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Top Shiite Welcomes Overtures By Sunnis

Iraqi Candidate Sets Conciliatory Tone As Violence Picks Up

By Anthony Shadid and Doug Struck
Washington Post Foreign Service
Sunday, February 6, 2005; Page A01

BAGHDAD, Feb. 5 -- The leading Shiite candidate to become Iraq's next prime minister welcomed overtures on Saturday by groups that boycotted national elections and declared that he and others were willing to offer "the maximum" to bring those largely Sunni Arab groups into the drafting of the constitution and participation in the new government.

But Adel Abdel-Mehdi, the current finance minister and a powerful figure in the coalition expected to dominate Iraq's parliament, rejected a key demand of those groups -- a timetable for a withdrawal of the 150,000 U.S. troops in the country.


Shiites at a Baghdad mosque celebrate last week's elections, seen by many Iraqis as a success, even though results are not yet known. (Wathiq Khuzaie -- Getty Images)

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"We are hearing some positive remarks coming from their side. That's very good. We are encouraging them," he said in an interview. "We are really willing to offer the maximum. . . . It's a balanced view -- from them, from us -- to see what the future has."

The conciliatory remarks came during one of the bloodiest days since Sunday's elections, with a spate of drive-by shootings, roadside mine explosions, clashes and kidnappings. Two American soldiers were killed by a mine explosion Friday night in Baiji, about 120 miles north of Baghdad, the U.S. military said Saturday. In the worst reported bloodshed, an insurgent group posted video footage on its Web site showing the slaying of seven members of the Iraqi National Guard, a pillar of the country's fledgling security forces.

But Abdel-Mehdi's comments were the latest to suggest a departure from the escalating political tension, much of it assuming a sectarian cast, that mirrored the insurgency and preceded Iraq's parliamentary elections. Many Sunni Arabs stayed away from the polls, crystallizing the divide between groups that engaged in the U.S.-backed process and those opposed to it while U.S. troops occupy the country.

Beginning this week, however, influential figures among Sunni and anti-occupation factions signaled their willingness to take part in the process that has followed the election, a recognition by some that the vote may have created a new dynamic. The Association of Muslim Scholars, one of the most powerful groups, has said it would abide by the results of the ballot, even if it viewed the government as lacking legitimacy. Thirteen parties, including a representative of the association and other parties that boycotted the vote, agreed Thursday to take part in the drafting of the constitution, which will be the parliament's main task.

"We should respect the choice of the Iraqi people," said Tariq Hashemi, the secretary general of the Sunni-led Iraqi Islamic Party, which withdrew from the election but which was still listed on the ballot.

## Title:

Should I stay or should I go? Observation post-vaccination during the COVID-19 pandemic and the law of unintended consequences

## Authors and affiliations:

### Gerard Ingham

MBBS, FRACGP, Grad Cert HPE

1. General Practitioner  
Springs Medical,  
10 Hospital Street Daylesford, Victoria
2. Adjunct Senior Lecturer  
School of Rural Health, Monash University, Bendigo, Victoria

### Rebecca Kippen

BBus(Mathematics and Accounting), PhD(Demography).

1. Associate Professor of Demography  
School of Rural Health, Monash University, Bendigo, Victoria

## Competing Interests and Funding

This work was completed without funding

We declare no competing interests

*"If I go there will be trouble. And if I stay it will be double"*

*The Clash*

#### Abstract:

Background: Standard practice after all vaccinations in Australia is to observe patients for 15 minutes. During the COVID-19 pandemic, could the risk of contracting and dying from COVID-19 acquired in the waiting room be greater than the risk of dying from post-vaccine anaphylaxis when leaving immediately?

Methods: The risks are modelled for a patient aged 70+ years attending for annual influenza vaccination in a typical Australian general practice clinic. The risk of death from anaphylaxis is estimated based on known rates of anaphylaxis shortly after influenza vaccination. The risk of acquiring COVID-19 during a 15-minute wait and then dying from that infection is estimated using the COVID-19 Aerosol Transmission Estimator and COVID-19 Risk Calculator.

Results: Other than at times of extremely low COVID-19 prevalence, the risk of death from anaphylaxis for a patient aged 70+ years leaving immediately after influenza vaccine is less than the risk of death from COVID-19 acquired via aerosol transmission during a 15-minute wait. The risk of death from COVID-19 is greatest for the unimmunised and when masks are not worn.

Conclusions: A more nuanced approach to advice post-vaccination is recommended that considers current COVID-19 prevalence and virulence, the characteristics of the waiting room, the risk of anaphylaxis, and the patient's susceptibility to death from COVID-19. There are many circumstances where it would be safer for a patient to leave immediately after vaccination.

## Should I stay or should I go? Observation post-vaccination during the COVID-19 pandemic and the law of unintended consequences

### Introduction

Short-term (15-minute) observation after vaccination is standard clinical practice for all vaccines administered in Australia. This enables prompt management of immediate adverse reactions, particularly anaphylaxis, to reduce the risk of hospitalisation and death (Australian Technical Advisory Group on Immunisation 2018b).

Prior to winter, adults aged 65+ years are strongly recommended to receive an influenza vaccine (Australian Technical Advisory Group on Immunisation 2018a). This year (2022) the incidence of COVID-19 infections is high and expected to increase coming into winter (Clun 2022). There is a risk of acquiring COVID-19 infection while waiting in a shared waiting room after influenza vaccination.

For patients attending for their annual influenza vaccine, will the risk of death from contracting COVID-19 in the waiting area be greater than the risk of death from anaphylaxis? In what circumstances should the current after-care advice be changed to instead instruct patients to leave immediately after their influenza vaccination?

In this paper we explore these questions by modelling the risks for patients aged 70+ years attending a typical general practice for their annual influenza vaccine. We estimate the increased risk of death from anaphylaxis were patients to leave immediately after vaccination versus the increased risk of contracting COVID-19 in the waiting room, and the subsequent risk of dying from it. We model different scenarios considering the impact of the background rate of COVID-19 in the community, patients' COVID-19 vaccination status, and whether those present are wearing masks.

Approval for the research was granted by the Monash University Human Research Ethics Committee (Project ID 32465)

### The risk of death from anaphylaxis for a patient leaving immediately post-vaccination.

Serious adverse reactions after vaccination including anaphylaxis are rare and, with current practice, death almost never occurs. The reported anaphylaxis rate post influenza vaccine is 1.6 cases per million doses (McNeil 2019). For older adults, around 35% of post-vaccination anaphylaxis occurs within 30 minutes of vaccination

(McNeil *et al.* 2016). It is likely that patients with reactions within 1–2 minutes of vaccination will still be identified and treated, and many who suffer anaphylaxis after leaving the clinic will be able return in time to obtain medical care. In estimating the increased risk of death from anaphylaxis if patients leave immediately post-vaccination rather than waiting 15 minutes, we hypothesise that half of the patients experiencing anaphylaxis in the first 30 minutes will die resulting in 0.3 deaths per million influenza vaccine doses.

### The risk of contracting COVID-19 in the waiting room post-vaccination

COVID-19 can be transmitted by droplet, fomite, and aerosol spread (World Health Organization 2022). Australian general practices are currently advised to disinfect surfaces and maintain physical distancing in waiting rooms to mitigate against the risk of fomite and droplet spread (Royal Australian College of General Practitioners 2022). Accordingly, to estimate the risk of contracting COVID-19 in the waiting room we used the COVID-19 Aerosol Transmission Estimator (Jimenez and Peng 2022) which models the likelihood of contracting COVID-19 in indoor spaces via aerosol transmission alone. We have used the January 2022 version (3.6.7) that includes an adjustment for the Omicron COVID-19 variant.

The "drafting of the constitution is a very important issue for all Iraqis, and we have to be very clear on that," Hashemi said at a news conference Saturday. "We will have a role, we will play a role. That role depends on the political circumstances."

Iraqi election officials said Saturday that the vote count for the 275-member National Assembly would be completed by Thursday. So far, a coalition dominated by Shiite Muslim parties and candidates, and backed by Grand Ayatollah Ali Sistani, has emerged as the clear front-runner, winning about two-thirds of the 3.3 million votes counted so far. The list headed by Prime Minister Ayad Allawi, who fashioned himself as a secular alternative, had about 579,700 votes, or about 18 percent.

Those returns are largely from southern Iraq, where Shiites are the overwhelming majority. Kurdish officials say they are confident that they will emerge as the second-most powerful faction once votes are counted from the Kurdish regions of northern Iraq.

Even before the official tallies, though, groups have begun making public their demands ahead of negotiations that could drag on for weeks over the composition of the new government. The National Assembly will choose a president and two deputy presidents who will appoint a prime minister and a cabinet. The Supreme Council for the Islamic Revolution in Iraq, a leading party in the Shiite coalition, has said it wants Abdel-Mehdi as the prime minister, although there are other contenders.

The leaders of the two main Kurdish political parties met Thursday in Salahuddin, the headquarters of the Kurdistan Democratic Party in northern Iraq. They agreed that Jalal Talabani, the leader of one of the parties, the Patriotic Union of Kurdistan, would be their candidate for the post of president, officials who attended the meeting said.

The prospect of a Kurdish president in a largely Arab country would mark one of the most dramatic statements of the changing political landscape of Iraq, where the Sunni Arab minority has dominated politics since the country's creation in 1920.

In all likelihood, Sunni Arab voices and representatives of the leading anti-occupation groups will be severely overshadowed in the assembly by the Kurdish and avowedly religious parties drawn from the Shiite majority. As a result, Iraqi leaders across the political spectrum see the incorporation of Sunnis as a key test of the government's ability to reconcile a country badly fractured by dictatorship, war, violence under the U.S. occupation and the growing sectarian and ethnic cast to Iraq's politics.


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